To enjoy the best of Versailles Palace and Gardens, you must spend the day at the estate. There’s so much to see and wander through outside the palace, I have to liken the garden to a deck of playing cards: each grove is a face card, replete with unique features, attitude, and responsibility; the paths are the numbered cards, grouped as runs, pairs, or triplets.
The towering Dutch elms you see above in sepia tones captures the Old World austerity of the estate. Yes, the palace and chateau are models of grand tastes and kingly ostentation. (The ultimate reason the people rose up to take control of their destiny, perhaps?) The gardens, though, have a military air to them, divisions of symmetrical groves, shaped into geometrical symmetry. You can stand in a grove and sense that at any moment a troop of soldiers can come charging past on maneuvers, everything fixed but their bayonets.
The Versailles palace and estate are in the Parisian suburb of Versailles. The train from Paris takes only 25 minutes, then a five-minute walk leads you right through the front gates. The palace tour will take you through using an audioguide in about an hour and a half. It’s worth the extra money to buy a ticket from the website, through your hotel or hostel, or from a broker just outside the train station. This ticket will let you bypass the lines snaking out towards the parking lot. When you’re on vacation, time isn’t money, but time is time, and we all have little enough of that these days to waste it on holiday by standing in lines.
So…the palace: filled with paintings, original furniture, lots of silk & gold embroidered curtains, scenes from mythology painted on the ceilings, tons (literally) of statues celebrating French kings and queens, and—oh, yeah—that Hall of Mirrors is … reflective. Now lets get some fresh air and wander the gardens.
The estate is so vast that the French tourist industry will rent you an electric golf cart to get around. It’s a great idea for disabled people, and to beat the heat. I think it defeats the purpose of a garden, though. But the idea of how King Louis XVI or Marie Antoinette might find tourists buzzing around their private playground makes seeing a cart whiz by worth a smile.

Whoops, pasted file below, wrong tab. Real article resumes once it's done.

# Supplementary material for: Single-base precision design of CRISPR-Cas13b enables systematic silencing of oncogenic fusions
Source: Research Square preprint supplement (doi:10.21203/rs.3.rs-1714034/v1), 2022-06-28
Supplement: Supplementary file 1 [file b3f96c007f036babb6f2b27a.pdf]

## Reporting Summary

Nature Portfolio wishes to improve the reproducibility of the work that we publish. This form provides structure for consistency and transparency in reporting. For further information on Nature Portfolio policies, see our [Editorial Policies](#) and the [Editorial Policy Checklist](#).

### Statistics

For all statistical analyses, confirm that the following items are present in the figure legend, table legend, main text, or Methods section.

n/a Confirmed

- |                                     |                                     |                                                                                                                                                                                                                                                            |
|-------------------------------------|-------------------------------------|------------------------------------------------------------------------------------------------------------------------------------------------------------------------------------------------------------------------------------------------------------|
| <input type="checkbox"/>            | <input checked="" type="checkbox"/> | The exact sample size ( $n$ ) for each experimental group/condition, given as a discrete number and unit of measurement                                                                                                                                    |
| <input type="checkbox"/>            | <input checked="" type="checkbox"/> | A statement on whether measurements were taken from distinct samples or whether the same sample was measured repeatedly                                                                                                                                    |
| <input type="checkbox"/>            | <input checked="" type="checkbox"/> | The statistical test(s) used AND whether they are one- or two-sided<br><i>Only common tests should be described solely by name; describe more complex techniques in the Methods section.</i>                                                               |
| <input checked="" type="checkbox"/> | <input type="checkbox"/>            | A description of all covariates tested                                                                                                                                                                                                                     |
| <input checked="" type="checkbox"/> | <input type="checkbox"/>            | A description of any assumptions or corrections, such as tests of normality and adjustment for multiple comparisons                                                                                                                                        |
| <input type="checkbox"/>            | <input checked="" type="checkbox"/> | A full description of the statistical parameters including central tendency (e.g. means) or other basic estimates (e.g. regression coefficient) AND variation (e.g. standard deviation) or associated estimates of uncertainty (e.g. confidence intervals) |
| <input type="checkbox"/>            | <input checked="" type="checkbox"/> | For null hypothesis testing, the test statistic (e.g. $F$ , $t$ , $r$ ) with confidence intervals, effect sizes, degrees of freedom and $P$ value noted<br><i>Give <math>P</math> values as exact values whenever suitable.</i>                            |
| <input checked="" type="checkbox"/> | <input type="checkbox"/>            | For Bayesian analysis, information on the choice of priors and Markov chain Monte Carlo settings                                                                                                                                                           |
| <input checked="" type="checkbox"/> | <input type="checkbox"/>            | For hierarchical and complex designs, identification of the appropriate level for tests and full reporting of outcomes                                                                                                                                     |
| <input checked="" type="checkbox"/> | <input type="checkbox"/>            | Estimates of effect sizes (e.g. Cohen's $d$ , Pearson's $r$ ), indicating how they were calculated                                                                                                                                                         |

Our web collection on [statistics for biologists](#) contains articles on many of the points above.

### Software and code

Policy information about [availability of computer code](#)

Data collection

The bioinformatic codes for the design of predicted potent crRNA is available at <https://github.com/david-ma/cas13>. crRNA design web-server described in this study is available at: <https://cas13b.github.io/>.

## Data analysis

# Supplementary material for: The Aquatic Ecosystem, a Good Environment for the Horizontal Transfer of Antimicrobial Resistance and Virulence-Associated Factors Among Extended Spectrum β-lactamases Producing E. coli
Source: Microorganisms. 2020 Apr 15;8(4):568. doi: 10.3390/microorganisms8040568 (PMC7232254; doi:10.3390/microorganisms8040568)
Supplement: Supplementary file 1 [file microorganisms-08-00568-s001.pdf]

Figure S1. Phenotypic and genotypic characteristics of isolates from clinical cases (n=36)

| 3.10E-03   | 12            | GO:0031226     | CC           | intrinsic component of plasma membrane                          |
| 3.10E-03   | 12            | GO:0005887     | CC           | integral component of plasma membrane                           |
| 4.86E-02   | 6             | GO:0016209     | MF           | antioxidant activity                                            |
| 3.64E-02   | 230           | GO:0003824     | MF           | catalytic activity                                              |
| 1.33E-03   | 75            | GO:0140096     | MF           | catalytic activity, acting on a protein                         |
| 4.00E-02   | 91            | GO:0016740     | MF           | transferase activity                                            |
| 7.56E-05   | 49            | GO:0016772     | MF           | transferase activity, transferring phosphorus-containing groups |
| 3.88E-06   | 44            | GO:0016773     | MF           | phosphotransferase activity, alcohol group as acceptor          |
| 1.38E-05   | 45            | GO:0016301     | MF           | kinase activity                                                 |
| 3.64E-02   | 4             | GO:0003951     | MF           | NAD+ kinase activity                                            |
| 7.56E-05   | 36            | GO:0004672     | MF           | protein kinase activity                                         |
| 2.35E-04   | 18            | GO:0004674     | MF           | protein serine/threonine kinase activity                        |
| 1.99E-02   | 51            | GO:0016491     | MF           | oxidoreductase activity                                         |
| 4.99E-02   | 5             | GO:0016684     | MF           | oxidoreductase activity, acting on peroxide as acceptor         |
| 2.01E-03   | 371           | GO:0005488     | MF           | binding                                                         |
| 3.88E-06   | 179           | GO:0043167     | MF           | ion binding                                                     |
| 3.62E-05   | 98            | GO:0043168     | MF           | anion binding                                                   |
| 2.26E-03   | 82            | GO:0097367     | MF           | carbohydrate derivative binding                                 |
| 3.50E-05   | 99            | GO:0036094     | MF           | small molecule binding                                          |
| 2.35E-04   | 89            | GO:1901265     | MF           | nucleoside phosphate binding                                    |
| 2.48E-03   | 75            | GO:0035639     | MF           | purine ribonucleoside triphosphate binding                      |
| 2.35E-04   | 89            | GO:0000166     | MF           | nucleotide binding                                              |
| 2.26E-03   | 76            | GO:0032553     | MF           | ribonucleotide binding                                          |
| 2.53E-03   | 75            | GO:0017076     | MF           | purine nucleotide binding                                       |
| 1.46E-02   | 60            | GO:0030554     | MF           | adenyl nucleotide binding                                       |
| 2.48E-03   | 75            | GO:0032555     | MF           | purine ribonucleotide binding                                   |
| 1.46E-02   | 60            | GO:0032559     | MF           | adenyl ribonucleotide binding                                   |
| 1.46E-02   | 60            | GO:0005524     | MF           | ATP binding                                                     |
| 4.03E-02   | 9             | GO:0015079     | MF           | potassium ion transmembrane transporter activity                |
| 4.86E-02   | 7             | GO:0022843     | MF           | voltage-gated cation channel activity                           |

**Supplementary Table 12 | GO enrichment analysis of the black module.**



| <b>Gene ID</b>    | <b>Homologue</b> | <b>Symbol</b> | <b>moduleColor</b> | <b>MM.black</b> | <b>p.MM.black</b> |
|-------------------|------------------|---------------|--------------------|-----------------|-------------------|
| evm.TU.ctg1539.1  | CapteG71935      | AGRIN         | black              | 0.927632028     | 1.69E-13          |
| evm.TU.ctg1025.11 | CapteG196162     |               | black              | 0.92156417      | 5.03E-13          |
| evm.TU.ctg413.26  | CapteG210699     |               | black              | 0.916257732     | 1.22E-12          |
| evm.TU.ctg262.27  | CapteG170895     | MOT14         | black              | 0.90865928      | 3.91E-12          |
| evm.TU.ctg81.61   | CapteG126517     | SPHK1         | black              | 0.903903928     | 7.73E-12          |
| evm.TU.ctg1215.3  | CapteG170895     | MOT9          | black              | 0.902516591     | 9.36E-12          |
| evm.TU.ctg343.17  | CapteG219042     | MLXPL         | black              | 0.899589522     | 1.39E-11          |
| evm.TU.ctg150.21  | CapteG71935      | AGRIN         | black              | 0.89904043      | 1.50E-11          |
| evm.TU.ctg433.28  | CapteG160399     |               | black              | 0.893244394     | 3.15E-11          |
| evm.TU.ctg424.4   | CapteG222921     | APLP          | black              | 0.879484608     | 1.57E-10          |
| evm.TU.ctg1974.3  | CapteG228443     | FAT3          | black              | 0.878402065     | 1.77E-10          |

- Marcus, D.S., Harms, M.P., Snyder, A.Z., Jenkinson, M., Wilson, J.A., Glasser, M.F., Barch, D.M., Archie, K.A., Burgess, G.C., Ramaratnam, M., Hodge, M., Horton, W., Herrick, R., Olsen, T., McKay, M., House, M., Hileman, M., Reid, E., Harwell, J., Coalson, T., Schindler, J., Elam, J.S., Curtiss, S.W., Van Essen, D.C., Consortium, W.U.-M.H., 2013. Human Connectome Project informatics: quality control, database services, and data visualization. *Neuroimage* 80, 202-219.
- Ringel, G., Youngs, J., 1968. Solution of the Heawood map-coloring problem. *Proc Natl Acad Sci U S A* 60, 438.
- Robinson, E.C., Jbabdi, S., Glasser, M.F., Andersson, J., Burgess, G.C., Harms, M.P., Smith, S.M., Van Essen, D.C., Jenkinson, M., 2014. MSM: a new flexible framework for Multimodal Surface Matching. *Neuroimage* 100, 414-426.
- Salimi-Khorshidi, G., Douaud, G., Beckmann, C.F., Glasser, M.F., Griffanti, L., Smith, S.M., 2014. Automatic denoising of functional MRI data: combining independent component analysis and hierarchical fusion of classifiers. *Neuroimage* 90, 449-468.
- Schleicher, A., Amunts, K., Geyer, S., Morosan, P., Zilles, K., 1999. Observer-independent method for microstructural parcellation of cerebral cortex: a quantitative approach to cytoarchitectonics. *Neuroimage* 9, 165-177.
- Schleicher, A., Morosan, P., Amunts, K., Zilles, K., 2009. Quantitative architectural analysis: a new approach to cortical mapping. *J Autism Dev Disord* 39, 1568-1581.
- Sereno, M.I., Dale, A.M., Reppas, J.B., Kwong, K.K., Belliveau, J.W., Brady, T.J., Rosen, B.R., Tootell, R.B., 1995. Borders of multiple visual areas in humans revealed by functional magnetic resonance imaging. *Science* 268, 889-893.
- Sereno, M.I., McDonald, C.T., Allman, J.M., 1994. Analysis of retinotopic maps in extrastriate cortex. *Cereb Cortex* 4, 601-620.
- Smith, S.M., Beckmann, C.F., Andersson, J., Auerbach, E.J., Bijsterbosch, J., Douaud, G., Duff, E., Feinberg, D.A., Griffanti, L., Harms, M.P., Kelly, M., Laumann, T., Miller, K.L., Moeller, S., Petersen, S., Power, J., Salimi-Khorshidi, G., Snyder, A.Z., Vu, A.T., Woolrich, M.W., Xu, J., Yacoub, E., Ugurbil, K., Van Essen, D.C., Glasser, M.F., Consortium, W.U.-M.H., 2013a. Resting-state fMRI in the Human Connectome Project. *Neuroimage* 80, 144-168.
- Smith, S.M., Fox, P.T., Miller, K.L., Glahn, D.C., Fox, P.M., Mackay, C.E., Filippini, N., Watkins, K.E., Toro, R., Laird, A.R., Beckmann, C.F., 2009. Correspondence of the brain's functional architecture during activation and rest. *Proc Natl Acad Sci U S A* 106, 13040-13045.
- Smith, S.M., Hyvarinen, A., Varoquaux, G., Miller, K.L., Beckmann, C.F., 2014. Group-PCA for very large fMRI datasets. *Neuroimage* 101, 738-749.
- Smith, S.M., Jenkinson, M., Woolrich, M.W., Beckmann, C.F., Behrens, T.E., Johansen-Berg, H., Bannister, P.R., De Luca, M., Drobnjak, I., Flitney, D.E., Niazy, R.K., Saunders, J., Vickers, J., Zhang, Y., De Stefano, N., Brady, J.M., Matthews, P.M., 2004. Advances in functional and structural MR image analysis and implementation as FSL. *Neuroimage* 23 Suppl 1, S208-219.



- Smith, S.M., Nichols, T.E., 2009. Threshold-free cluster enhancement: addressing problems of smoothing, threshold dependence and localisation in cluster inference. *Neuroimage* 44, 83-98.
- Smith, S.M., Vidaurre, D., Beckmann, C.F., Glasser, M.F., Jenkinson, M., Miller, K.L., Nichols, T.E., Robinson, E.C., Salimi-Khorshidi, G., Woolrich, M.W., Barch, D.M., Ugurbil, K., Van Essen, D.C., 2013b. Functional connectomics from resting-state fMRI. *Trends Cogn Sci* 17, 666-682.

The formal flower gardens sit right behind the palace, as a top level to greater estate and gardens that unfold north nearly a mile. They spread left and right, bordered by the huge Swiss reflecting pond and Neptune’s Basin. I think this is the garden at its most resplendent: colors galore, topiary, winding boxwood borders, giant goblet planters, fountains, pools, and a view north across the Grand Canal that really gives visual punch behind anyone’s idea of “palace estate.” You can (and probably will) walk through these eight groves for an hour, and you’ve only scratched the surface of this “park.”
When you walk down to the lower level, you come upon the geometric groves that, like the palace interior, use Greek mythology in their decoration (statues, mostly). I like this left side (as you walk toward the canal) of the gardens much more than groves along the right half because they tell more of a story and have more photogenic qualities—statues, pools, colonnades, manicured hedges. The Jardin du Roi (King’s Garden) is a particularly impressive grove that opens onto a huge oval lawn facing the Mirror Basin.
What I found disappointing was the lack of chairs or benches. There are miles of crushed stone paths to walk, and no places to rest or, more importantly, immerse yourself in this beautiful theater. Perhaps the Versailles tourist board (or whomever) thought seats would upset the historical design. That doesn’t do anything for my legs or added appreciation of the estate—nor for the other few thousand people wandering through the gardens. To be fair, all the fountains have raised stone pools that you can rest your butt on for a bit.
(read more about Versailles Gardens highlights here)